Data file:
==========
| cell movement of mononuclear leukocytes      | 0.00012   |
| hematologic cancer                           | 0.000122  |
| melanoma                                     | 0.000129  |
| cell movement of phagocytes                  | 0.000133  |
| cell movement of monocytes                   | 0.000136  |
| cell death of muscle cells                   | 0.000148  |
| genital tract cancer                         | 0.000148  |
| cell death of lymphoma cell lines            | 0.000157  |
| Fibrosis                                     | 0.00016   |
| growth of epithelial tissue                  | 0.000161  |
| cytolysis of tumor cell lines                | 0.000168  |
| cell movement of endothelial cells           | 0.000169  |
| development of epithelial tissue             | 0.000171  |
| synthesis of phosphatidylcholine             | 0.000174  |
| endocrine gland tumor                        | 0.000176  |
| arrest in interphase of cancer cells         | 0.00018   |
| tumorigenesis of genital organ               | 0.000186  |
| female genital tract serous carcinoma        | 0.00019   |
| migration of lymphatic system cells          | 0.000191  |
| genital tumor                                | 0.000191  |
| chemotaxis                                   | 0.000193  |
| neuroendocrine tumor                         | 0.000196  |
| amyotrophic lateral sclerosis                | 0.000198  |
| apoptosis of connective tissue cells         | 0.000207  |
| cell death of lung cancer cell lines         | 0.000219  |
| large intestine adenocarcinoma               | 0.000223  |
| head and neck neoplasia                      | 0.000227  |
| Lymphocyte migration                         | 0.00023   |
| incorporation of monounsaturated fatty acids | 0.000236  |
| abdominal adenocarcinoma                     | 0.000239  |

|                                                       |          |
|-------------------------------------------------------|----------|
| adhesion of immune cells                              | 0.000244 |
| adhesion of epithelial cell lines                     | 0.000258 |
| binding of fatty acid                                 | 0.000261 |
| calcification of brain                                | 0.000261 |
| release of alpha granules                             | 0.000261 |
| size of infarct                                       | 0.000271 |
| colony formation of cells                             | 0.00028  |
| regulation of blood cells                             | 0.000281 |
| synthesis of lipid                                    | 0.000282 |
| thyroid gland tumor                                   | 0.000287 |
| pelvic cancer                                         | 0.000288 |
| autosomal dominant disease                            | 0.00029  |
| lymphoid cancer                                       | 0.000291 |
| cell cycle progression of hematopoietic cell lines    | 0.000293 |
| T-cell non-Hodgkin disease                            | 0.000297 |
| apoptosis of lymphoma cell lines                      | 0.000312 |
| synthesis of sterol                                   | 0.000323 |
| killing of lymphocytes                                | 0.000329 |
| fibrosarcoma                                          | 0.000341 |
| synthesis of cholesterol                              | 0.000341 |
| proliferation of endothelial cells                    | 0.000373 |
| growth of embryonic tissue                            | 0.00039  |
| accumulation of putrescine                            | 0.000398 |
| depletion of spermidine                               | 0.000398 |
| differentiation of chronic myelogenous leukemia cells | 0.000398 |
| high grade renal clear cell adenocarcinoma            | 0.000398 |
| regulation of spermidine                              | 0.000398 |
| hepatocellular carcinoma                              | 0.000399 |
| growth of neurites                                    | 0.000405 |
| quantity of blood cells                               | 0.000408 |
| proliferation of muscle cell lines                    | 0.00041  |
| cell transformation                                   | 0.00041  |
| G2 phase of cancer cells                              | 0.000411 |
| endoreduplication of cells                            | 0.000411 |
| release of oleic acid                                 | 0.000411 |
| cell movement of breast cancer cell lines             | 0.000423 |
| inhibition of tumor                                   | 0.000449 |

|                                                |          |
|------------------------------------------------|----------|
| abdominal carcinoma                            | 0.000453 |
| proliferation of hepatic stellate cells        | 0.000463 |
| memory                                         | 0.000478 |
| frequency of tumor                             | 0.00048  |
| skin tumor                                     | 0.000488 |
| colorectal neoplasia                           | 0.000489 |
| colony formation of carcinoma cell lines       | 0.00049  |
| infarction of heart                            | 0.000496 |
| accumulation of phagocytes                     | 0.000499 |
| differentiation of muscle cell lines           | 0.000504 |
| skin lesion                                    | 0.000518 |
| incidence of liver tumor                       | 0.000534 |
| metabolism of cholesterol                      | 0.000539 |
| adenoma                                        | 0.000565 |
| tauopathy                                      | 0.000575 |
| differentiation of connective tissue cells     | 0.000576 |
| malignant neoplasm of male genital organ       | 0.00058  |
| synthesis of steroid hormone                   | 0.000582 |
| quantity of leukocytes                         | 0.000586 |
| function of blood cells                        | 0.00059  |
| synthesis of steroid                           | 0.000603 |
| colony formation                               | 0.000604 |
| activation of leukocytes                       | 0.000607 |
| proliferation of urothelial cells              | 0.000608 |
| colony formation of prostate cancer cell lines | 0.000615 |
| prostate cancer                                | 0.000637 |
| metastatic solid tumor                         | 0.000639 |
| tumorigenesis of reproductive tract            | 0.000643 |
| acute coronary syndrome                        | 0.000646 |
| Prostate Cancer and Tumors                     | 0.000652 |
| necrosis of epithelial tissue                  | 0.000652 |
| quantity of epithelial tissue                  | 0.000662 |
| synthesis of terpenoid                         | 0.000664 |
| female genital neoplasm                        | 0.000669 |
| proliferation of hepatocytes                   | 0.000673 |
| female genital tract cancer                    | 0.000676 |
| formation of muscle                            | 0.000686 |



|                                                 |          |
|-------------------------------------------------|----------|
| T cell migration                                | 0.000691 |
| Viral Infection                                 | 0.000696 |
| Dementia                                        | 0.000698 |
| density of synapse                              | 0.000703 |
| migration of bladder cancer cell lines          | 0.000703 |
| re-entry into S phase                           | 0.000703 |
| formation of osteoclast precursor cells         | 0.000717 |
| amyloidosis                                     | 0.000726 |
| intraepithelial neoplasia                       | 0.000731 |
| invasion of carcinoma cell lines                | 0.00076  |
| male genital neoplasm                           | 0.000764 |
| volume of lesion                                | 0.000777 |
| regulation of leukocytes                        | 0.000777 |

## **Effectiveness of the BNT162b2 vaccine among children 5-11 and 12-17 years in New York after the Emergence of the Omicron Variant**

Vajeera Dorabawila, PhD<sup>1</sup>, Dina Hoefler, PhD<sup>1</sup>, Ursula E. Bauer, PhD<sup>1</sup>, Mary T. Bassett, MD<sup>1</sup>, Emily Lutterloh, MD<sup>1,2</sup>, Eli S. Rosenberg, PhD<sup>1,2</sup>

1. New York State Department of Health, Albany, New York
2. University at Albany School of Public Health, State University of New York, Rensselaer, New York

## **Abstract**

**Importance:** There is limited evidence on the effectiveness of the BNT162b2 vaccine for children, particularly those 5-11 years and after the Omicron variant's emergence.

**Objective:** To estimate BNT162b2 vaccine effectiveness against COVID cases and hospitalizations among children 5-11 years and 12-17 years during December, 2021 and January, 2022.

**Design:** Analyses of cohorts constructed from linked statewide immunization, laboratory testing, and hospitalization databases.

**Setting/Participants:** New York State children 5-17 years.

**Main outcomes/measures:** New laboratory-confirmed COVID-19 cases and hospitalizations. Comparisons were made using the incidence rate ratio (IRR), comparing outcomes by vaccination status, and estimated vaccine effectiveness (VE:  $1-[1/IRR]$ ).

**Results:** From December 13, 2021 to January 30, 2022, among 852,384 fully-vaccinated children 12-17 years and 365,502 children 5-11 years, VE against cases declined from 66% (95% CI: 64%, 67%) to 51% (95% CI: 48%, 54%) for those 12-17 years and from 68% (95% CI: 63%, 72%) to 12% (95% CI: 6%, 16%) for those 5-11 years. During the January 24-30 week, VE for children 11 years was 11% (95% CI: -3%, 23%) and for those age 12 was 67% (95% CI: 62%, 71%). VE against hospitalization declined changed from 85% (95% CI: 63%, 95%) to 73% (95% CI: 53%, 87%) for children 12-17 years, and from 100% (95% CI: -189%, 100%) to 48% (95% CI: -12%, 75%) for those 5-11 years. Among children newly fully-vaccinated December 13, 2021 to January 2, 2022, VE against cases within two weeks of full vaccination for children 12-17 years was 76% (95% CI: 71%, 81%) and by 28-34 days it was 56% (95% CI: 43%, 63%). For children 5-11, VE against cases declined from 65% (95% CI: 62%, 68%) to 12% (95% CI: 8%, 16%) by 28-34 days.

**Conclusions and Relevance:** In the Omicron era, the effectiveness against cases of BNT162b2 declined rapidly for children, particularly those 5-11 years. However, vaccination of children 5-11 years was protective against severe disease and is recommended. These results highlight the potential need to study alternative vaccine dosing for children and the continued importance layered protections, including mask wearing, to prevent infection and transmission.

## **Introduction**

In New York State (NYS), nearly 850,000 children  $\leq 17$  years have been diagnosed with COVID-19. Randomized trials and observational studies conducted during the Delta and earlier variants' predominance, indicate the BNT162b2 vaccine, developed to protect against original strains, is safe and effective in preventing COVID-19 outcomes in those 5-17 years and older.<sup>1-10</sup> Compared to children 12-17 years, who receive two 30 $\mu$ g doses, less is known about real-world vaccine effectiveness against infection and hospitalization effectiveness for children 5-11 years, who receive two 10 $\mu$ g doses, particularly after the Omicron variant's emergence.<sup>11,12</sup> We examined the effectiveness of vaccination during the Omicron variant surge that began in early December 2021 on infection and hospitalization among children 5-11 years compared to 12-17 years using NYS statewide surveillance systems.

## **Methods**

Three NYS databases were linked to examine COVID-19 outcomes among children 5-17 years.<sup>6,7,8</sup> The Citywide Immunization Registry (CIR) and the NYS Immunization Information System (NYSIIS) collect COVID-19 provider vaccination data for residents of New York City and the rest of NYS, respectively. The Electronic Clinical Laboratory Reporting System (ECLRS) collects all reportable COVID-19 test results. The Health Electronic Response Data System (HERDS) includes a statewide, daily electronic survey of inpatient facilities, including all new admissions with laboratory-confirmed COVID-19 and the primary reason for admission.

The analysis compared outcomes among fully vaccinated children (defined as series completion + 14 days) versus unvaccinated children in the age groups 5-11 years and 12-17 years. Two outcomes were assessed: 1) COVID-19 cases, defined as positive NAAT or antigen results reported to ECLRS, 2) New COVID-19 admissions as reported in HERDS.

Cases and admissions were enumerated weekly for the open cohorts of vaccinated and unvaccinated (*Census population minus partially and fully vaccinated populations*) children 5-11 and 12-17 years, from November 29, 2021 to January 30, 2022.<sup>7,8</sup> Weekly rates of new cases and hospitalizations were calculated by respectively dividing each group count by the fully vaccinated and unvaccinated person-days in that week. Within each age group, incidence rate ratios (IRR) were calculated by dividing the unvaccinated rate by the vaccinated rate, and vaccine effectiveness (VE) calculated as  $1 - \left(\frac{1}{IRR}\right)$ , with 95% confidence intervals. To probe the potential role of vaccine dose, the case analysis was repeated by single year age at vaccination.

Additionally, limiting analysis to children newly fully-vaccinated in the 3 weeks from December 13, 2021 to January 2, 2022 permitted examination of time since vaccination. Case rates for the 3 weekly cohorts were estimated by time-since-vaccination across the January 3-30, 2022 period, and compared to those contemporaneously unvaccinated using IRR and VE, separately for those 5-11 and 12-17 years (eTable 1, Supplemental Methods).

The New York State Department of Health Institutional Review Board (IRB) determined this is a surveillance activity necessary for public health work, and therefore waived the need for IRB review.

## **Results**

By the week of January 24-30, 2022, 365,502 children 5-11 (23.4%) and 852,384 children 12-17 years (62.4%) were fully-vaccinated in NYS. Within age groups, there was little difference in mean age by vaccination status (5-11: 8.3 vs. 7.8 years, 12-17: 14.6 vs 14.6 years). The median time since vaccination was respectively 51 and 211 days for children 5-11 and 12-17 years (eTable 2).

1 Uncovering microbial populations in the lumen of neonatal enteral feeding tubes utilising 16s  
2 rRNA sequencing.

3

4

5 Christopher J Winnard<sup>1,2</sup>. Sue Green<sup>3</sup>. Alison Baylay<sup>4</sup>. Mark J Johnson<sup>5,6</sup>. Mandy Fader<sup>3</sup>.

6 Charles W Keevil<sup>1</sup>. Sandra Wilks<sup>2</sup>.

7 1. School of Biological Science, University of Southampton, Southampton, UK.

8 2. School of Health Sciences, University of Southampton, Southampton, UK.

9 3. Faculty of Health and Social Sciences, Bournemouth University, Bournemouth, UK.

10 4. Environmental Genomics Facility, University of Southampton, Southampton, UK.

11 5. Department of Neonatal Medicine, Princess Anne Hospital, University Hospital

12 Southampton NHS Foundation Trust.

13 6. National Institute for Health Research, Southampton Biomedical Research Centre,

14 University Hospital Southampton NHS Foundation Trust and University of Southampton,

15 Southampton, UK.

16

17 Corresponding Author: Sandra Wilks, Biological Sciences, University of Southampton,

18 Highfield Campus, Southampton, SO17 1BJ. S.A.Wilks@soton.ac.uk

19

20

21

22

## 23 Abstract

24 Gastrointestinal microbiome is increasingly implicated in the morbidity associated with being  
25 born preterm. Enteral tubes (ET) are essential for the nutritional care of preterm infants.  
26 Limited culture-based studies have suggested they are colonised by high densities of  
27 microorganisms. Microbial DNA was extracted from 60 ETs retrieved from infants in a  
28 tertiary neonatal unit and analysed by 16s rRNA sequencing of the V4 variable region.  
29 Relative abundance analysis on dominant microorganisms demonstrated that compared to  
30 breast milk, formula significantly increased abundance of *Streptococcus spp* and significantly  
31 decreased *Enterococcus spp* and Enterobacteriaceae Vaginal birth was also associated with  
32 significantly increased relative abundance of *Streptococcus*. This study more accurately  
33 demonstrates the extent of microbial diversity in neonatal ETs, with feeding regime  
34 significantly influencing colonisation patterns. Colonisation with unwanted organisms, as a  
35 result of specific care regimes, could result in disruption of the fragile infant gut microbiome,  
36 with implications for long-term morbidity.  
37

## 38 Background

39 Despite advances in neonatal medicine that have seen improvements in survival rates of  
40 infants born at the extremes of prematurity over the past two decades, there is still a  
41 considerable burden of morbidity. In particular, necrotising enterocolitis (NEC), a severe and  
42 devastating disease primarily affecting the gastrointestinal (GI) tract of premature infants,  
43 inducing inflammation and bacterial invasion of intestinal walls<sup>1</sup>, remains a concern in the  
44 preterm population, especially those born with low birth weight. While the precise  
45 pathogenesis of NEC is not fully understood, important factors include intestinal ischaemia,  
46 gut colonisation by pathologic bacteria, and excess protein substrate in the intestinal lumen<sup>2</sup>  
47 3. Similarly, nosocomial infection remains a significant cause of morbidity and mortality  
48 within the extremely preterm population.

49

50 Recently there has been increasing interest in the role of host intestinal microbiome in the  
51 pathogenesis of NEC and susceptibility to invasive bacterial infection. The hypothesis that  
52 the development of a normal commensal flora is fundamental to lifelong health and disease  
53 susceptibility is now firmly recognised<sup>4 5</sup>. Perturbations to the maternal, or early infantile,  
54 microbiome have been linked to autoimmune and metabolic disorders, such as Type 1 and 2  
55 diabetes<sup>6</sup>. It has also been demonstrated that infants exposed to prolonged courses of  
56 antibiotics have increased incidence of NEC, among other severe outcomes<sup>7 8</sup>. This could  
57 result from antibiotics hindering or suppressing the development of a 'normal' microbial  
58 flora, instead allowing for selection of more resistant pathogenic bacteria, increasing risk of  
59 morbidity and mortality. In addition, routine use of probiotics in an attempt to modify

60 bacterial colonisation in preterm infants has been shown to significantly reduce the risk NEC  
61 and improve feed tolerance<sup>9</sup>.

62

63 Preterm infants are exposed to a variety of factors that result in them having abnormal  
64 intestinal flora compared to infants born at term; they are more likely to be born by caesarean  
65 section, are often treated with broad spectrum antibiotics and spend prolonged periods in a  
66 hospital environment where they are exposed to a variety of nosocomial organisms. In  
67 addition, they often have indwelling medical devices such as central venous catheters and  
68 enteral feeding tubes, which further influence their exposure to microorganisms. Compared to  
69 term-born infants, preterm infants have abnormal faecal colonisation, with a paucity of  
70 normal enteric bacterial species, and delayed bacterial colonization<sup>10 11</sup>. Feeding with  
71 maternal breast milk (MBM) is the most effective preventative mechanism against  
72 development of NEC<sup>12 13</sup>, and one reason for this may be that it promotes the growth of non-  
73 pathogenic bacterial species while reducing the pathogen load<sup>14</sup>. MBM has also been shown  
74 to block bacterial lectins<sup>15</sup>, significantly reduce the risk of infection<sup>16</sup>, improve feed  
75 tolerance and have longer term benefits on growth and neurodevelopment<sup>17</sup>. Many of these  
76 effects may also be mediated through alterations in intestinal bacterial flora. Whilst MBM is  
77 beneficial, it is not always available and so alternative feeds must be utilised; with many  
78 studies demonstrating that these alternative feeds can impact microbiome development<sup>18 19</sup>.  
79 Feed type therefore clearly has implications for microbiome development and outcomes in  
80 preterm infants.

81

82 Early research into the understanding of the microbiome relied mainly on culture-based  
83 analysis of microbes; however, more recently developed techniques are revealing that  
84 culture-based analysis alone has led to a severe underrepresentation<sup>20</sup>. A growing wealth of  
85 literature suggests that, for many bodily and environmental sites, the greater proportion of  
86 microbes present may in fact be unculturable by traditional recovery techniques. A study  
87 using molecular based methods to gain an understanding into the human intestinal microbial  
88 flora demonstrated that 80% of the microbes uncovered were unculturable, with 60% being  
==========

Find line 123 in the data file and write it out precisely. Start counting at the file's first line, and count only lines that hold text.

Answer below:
| regulation of leukocytes                        | 0.000777 |